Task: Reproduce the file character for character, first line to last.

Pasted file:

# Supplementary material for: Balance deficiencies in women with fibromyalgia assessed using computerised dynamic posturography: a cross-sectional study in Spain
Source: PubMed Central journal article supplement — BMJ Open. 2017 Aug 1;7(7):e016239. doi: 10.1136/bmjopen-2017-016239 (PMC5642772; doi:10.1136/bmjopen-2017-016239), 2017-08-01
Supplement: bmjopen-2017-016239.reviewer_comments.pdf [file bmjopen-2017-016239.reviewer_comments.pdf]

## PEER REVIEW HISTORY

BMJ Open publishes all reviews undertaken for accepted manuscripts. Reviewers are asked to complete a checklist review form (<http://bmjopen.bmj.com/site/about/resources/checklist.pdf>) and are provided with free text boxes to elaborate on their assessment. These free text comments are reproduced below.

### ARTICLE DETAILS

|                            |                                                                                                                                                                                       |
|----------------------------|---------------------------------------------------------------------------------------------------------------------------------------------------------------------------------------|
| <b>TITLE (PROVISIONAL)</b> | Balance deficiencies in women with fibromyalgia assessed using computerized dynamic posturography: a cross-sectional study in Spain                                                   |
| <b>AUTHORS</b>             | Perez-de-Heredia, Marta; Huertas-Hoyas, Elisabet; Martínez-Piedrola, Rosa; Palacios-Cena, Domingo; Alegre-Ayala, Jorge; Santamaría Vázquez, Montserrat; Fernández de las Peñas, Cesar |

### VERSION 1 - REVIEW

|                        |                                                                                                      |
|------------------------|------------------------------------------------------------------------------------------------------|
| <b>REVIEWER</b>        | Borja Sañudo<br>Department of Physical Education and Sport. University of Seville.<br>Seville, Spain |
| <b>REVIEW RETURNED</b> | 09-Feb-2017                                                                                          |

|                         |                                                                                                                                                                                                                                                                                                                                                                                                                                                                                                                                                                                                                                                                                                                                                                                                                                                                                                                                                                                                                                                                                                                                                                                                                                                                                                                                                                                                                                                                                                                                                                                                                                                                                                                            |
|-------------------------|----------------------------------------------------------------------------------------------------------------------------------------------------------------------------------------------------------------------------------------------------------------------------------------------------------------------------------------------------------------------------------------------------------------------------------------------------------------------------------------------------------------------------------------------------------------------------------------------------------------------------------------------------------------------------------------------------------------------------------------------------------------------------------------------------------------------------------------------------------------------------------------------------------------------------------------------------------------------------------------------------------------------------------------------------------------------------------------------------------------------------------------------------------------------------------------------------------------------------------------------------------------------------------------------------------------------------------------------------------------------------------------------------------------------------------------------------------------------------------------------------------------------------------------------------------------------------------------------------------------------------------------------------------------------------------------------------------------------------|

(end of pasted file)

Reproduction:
# Supplementary material for: Balance deficiencies in women with fibromyalgia assessed using computerised dynamic posturography: a cross-sectional study in Spain
Source: PubMed Central journal article supplement — BMJ Open. 2017 Aug 1;7(7):e016239. doi: 10.1136/bmjopen-2017-016239 (PMC5642772; doi:10.1136/bmjopen-2017-016239), 2017-08-01
Supplement: bmjopen-2017-016239.reviewer_comments.pdf [file bmjopen-2017-016239.reviewer_comments.pdf]

## PEER REVIEW HISTORY

BMJ Open publishes all reviews undertaken for accepted manuscripts. Reviewers are asked to complete a checklist review form (<http://bmjopen.bmj.com/site/about/resources/checklist.pdf>) and are provided with free text boxes to elaborate on their assessment. These free text comments are reproduced below.

### ARTICLE DETAILS

|                            |                                                                                                                                                                                       |
|----------------------------|---------------------------------------------------------------------------------------------------------------------------------------------------------------------------------------|
| <b>TITLE (PROVISIONAL)</b> | Balance deficiencies in women with fibromyalgia assessed using computerized dynamic posturography: a cross-sectional study in Spain                                                   |
| <b>AUTHORS</b>             | Perez-de-Heredia, Marta; Huertas-Hoyas, Elisabet; Martínez-Piedrola, Rosa; Palacios-Cena, Domingo; Alegre-Ayala, Jorge; Santamaría Vázquez, Montserrat; Fernández de las Peñas, Cesar |

### VERSION 1 - REVIEW

|                        |                                                                                                      |
|------------------------|------------------------------------------------------------------------------------------------------|
| <b>REVIEWER</b>        | Borja Sañudo<br>Department of Physical Education and Sport. University of Seville.<br>Seville, Spain |
| <b>REVIEW RETURNED</b> | 09-Feb-2017                                                                                          |

|                         |                                                                                                                                                                                                                                                                                                                                                                                                                                                                                                                                                                                                                                                                                                                                                                                                                                                                                                                                                                                                                                                                                                                                                                                                                                                                                                                                                                                                                                                                                                                                                                                                                                                                                                                            |
|-------------------------|----------------------------------------------------------------------------------------------------------------------------------------------------------------------------------------------------------------------------------------------------------------------------------------------------------------------------------------------------------------------------------------------------------------------------------------------------------------------------------------------------------------------------------------------------------------------------------------------------------------------------------------------------------------------------------------------------------------------------------------------------------------------------------------------------------------------------------------------------------------------------------------------------------------------------------------------------------------------------------------------------------------------------------------------------------------------------------------------------------------------------------------------------------------------------------------------------------------------------------------------------------------------------------------------------------------------------------------------------------------------------------------------------------------------------------------------------------------------------------------------------------------------------------------------------------------------------------------------------------------------------------------------------------------------------------------------------------------------------|